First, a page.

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April 13, 2010 at 4:00 PM

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Lakewood officers' families and $182 million lawsuit

Posted by Letters editor

Officers’ families wanted to change the system

I am ashamed of the people of Western Washington for their outpour of anger toward the families of the victims of the Lakewood shootings. I am amazed at how quickly the tide turns. [“Slain officers’ families right to drop claims,” Opinion, April 12.]

What I do not understand is why everyone is so angry. What if it had been a roomful of schoolchildren who were gunned down in cold blood in that coffee shop and it was later learned that there was evidence that the perpetrator had made several threats about shooting children? Would everyone be as angry at the parents of those children if they sued?

Why don’t the families of those police officers deserve the same right? We all walked away from that funeral with a sense of closure. Those officers are still dead, and their children still do not have their parents and will not for the rest of their lives.

Why? Because it is too expensive to pay someone to actually do the job that he or she should already be doing —making sure the person who is about to be released for good behavior (after assaulting a police officer) is actually safe to release back into society.

The Seattle Times editorial staff says it was a good thing for the families to drop their lawsuits and that we should all be angry at Maurice Clemmons and his family for what happened. Obviously, Clemmons is responsible for his actions and should be held accountable. But do we really think Clemmons’ family has more responsibility for ensuring that he does not do something violent than the people we pay to ensure that violent people stay in jail?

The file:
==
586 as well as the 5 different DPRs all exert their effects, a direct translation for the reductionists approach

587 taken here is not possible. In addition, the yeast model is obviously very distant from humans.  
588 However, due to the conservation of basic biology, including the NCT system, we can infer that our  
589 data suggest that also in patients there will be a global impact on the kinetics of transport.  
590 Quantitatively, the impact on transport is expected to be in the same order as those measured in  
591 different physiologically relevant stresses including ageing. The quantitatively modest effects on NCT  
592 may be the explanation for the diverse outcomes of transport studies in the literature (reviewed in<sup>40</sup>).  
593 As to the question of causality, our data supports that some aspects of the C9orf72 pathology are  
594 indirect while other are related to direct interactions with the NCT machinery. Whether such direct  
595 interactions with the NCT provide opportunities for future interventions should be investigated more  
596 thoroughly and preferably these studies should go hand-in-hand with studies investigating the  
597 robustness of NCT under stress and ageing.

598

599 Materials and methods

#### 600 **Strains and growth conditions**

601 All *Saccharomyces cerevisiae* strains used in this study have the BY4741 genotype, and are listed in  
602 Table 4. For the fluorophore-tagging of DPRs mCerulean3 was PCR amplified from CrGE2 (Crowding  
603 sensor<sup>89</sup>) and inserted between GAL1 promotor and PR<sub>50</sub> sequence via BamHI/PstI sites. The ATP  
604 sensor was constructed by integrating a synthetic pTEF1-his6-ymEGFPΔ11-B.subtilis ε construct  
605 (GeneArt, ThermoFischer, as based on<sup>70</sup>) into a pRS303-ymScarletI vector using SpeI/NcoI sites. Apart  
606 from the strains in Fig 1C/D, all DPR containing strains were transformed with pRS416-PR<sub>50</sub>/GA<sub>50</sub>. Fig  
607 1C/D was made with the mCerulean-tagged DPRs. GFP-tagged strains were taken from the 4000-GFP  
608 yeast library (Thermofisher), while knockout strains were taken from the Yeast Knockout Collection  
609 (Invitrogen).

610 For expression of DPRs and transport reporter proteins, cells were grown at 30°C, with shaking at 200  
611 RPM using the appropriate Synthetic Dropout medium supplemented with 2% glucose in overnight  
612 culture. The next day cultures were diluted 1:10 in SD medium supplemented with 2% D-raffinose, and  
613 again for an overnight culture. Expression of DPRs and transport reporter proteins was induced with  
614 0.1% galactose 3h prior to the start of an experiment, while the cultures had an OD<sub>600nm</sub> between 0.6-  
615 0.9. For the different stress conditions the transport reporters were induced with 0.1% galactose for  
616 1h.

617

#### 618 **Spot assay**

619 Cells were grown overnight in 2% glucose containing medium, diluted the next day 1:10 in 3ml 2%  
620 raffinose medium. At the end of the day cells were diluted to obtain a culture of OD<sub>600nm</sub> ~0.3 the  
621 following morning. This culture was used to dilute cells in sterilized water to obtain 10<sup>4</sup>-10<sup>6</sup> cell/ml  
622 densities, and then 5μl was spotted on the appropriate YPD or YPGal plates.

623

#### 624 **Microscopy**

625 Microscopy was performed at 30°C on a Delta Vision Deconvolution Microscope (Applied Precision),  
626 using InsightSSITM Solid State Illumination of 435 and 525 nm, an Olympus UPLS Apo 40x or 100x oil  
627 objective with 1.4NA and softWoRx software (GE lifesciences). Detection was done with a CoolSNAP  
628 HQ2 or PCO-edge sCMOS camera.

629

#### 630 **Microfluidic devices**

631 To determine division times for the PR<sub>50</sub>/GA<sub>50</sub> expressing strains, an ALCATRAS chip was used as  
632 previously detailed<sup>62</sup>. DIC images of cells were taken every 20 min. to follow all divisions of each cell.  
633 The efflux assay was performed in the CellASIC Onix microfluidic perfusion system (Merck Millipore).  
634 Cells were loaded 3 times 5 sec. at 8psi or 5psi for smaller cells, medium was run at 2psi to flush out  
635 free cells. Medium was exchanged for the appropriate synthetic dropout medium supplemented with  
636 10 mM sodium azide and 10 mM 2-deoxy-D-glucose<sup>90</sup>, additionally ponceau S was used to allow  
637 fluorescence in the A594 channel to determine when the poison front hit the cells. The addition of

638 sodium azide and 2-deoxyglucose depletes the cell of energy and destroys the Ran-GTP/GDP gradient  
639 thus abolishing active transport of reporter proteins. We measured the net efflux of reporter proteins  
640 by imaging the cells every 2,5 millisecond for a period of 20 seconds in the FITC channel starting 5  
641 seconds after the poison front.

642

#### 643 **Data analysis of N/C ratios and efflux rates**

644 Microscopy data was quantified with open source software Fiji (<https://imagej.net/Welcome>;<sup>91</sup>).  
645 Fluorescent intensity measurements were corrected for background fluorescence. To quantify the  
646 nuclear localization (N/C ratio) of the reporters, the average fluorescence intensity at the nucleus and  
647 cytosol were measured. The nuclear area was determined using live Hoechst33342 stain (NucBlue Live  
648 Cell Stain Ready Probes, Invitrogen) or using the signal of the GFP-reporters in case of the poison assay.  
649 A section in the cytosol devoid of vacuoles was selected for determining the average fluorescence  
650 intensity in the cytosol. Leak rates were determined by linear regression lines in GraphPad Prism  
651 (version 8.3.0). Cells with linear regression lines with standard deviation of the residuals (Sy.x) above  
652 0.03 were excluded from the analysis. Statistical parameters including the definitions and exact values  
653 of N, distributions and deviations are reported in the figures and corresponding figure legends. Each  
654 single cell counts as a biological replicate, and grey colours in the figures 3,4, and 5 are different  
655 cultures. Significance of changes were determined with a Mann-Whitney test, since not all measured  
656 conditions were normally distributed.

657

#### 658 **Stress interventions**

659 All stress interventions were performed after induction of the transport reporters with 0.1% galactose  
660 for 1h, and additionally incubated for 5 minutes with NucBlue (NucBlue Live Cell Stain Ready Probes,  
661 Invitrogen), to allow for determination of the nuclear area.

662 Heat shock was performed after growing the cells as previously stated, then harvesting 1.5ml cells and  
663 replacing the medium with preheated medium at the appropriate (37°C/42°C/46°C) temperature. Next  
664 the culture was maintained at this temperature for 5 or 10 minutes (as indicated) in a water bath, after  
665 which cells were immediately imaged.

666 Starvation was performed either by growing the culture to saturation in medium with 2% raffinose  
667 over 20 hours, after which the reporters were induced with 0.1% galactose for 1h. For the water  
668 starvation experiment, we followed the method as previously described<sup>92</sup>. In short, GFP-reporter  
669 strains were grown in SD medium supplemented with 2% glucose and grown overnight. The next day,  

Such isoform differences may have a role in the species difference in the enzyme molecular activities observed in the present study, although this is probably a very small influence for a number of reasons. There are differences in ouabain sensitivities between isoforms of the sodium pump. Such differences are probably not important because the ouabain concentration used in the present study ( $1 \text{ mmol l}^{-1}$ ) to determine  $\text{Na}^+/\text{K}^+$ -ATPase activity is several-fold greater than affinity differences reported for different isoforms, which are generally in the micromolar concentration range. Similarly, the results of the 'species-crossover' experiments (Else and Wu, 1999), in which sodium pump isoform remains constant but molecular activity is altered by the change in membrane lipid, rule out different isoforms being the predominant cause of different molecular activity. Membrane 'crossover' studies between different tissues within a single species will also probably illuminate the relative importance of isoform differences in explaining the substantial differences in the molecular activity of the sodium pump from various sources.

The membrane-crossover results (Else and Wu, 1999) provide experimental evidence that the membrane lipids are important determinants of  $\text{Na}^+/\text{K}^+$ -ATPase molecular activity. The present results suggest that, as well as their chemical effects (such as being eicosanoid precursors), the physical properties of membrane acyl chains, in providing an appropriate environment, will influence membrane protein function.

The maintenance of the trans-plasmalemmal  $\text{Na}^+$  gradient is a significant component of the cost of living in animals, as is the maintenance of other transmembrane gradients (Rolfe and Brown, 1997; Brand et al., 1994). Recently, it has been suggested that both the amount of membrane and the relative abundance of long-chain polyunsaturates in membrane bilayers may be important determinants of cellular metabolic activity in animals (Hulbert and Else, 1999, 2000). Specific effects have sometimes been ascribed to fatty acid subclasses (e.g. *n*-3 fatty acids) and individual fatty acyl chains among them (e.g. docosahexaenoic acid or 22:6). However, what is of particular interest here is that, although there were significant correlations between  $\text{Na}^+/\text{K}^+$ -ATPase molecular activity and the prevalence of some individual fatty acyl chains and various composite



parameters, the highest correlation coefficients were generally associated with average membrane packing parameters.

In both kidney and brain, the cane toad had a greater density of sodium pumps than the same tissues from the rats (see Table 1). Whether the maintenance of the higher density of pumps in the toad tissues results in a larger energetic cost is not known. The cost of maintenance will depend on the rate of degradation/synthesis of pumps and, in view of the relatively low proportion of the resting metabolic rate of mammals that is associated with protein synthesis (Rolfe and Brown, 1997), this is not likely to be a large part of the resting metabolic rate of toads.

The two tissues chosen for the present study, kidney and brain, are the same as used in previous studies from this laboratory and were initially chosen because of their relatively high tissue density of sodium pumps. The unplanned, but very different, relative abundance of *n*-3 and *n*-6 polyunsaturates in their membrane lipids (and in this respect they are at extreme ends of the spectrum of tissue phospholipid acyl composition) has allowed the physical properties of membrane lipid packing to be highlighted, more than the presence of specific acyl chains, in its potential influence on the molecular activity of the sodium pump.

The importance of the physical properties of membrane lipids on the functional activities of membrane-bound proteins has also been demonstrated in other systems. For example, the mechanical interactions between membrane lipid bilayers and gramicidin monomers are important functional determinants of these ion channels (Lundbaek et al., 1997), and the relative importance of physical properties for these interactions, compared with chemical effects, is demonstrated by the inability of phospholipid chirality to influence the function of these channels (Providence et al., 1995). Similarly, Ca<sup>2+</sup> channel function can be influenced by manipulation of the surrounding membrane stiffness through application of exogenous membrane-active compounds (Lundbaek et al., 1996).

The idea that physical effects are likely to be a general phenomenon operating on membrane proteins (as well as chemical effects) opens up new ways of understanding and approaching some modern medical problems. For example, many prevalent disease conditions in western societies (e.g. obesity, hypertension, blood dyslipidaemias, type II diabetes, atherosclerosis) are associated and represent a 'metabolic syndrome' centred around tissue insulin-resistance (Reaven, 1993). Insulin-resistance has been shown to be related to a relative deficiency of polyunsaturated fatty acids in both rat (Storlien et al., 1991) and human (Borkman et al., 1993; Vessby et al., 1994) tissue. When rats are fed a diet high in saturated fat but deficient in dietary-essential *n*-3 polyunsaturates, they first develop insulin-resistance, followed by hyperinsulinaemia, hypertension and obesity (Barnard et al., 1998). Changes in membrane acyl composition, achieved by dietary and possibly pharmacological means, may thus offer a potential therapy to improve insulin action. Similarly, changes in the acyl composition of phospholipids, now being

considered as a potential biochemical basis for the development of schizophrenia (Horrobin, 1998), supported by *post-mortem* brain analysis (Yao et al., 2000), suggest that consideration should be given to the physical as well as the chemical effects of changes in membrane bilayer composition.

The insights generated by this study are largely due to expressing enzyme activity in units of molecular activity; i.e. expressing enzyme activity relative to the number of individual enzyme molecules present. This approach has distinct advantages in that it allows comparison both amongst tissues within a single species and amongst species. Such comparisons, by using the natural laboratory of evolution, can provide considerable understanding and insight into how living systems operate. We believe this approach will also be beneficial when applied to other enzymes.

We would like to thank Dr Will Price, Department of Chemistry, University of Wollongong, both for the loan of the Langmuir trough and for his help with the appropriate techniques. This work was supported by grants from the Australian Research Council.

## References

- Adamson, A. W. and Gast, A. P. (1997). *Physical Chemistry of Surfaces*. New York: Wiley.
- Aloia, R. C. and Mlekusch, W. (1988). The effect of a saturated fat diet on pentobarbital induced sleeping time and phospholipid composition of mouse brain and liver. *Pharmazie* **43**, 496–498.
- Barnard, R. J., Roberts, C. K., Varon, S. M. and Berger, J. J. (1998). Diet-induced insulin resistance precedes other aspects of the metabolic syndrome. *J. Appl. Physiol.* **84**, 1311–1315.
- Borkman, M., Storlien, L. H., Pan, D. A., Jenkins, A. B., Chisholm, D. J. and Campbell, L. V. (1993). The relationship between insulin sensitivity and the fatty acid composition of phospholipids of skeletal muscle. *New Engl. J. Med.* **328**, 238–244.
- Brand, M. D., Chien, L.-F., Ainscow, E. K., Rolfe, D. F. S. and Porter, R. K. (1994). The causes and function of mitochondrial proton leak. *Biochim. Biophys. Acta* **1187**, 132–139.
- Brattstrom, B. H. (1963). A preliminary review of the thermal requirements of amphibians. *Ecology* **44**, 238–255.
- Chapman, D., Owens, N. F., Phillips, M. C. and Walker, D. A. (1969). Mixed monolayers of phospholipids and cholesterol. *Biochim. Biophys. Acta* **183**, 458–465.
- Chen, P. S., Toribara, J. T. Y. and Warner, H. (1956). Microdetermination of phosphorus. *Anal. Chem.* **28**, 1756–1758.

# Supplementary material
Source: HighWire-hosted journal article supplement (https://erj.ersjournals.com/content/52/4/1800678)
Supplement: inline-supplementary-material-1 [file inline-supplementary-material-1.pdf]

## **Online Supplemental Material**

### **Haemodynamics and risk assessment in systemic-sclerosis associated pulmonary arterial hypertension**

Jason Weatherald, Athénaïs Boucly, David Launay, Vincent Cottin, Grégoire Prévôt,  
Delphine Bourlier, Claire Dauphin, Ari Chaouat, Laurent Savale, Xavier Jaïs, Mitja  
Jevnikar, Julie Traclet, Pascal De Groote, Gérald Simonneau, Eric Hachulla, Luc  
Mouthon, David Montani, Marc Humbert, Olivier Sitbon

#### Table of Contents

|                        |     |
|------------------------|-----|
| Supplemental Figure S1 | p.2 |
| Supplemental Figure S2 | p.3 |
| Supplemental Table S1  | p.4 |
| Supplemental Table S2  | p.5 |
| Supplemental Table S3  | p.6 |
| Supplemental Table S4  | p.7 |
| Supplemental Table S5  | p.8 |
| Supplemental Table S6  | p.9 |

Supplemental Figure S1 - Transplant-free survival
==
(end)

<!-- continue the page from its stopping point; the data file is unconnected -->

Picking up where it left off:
I have worked for one form of government or another throughout my life and I can tell you that the only thing that most governments understand is money. They do not change anything until it is too painful to maintain the status quo. The only way, often, to get anyone in a bureaucracy to change the rules or even admit that there is a problem, is to hit where it hurts —in the pocketbook.

I believe the families when they say it is all about changing the system. Our system screwed up and it will continue to screw up until someone forces it to do something about it. Shame on you all for attacking the victims in this.

— Isabel Cole, Federal Way

Three strikes for you too, Seattle

When I read that the wives and sister of the slain officers had filed a lawsuit against Pierce County, I groaned —not another one. [“Cop’s widow: ‘We don’t want this ugliness,’.” page one, April 10.]

Instead of holding those responsible, we turn to suing those who have the money, or rather those we think have the money. It has become second nature to us, but I could not blame the family, especially after reading the newest story on their reasons for filing a lawsuit.

I am glad I did not jump on the bandwagon, where an untold number of people called or wrote of their disdain at these families. My first thought at these people: Shame on you.

The women are not to blame; they are too new in their grief to have thought this through and probably got bad advice.

Do we then point fingers at the lawyers who gave the bad advice, the Pierce County Jail, the employees responsible for monitoring the calls or the politicians for taking the “three strikes, you’re out” law so far off course that the jails are now filled with people the law was not made for.

I ask all those who are angry and looking to blame someone else to take a look in the mirror and ask what you really are angry about. I bet you find your own finger pointing is pointing at you —I know I did.

— Kendall Rooney, Federal Way

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